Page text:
Objectives: The value of biological disease-modifying antirheumatic drugs (bDMARDs) in spondyloarthritis (SpA) is well recognised, but global access to these treatments can be limited due to high costs and other factors. This study explores country variation in the use of bDMARDs in SpA in relation to country-level socioeconomic factors.
Methods: Patients fulfilling the Assessment in SpondyloArthritis International Society (ASAS) SpA criteria in the multinational, cross-sectional ASAS Comorbidities in Spondyloarthritis study were studied. Current use of bDMARDs or conventional synthetic DMARDs (csDMARDs) was investigated in separate models, with multilevel logistic regression analysis, taking the country level into account. Contribution of socioeconomic factors, including country health expenditures, gross domestic product and human development index as independent country-level factors, was explored individually, in models adjusted for sociodemographic as well as clinical variables.
Results: In total, 3370 patients from 22 countries were included (mean (SD) age 43 (14) years; 66% male; 88% axial disease). Across countries, 1275 (38%) patients were bDMARD users. Crude mean bDMARD use varied between 5% (China) to 74% (Belgium). After adjustment for relevant sociodemographic and clinical variables, important variation in bDMARD use across countries remained (P<0.001). Country-level socioeconomic factors, specifically higher health expenditures, were related to higher bDMARD uptake, though not meeting statistical significance (OR 1.96; 95% CI 0.94 to 4.10). csDMARD uptake was significantly lower in countries with higher health expenditures (OR 0.32; 95% CI 0.15 to 0.65). Similar trends were seen with the other socioeconomic variables.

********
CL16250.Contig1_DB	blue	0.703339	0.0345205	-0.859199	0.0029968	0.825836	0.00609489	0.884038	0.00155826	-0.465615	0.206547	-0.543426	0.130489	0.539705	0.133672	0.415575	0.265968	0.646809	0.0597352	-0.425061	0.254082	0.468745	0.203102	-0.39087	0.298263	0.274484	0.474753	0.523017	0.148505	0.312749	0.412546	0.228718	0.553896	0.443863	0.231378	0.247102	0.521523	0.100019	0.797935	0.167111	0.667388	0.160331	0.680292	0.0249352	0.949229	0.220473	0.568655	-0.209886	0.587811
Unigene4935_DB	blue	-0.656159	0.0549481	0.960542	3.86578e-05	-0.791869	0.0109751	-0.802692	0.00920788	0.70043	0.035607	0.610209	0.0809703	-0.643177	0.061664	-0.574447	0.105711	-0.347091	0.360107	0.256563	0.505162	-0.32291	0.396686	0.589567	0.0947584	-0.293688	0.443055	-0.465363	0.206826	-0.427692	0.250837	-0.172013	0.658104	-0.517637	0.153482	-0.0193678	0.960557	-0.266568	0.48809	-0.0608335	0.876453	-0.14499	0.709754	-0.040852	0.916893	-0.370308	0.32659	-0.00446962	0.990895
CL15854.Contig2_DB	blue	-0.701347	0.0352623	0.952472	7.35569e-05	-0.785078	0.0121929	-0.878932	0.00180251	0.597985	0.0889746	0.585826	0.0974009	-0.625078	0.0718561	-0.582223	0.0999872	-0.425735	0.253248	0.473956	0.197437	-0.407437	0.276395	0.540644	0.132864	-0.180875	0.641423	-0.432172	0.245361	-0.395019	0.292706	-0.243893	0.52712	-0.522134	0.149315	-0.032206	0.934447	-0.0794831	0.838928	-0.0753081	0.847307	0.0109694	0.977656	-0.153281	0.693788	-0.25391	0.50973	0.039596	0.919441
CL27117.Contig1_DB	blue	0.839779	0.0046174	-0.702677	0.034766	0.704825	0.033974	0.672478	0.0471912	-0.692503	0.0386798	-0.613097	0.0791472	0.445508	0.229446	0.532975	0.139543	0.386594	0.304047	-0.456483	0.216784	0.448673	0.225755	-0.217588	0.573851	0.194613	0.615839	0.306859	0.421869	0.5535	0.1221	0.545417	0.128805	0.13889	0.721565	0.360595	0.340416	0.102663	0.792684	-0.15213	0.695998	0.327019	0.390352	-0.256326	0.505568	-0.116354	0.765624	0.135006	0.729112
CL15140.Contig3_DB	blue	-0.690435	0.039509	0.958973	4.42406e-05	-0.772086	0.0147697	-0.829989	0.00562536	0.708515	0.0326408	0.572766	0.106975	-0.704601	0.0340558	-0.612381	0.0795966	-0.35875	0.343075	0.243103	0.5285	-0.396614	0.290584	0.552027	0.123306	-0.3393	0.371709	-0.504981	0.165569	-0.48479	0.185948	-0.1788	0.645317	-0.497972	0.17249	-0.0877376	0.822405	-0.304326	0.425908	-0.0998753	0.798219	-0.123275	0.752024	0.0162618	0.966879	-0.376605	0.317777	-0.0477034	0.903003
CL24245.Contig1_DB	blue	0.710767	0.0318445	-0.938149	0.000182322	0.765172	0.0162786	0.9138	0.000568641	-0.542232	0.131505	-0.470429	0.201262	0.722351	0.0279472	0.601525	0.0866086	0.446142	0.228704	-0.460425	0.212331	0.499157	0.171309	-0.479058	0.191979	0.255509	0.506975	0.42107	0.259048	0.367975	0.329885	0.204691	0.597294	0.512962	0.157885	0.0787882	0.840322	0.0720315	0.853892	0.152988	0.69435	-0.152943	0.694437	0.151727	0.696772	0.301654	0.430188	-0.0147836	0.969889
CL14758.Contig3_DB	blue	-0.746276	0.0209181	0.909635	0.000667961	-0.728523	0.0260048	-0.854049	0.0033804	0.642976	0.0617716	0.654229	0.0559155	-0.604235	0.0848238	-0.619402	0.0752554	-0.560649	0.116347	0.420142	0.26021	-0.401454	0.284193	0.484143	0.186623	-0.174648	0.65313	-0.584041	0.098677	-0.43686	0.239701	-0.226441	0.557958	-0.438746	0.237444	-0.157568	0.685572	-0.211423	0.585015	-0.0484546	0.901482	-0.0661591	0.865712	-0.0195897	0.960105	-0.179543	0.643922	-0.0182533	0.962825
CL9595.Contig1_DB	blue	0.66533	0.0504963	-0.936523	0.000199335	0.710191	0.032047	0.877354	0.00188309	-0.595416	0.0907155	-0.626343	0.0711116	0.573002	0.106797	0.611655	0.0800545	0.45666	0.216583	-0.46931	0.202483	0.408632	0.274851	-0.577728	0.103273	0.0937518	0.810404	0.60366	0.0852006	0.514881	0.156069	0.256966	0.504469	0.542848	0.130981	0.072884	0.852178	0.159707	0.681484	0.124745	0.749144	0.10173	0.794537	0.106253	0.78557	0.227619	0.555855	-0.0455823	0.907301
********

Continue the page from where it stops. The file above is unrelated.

Conclusions: There remains important residual variation across countries in bDMARD uptake of patients with SpA followed in specialised SpA centres. This is independent of well-known factors for bDMARD use such as clinical and country-level socioeconomic factors.
Keywords: dmards (biologic); dmards (synthetic); spondyloarthritis.
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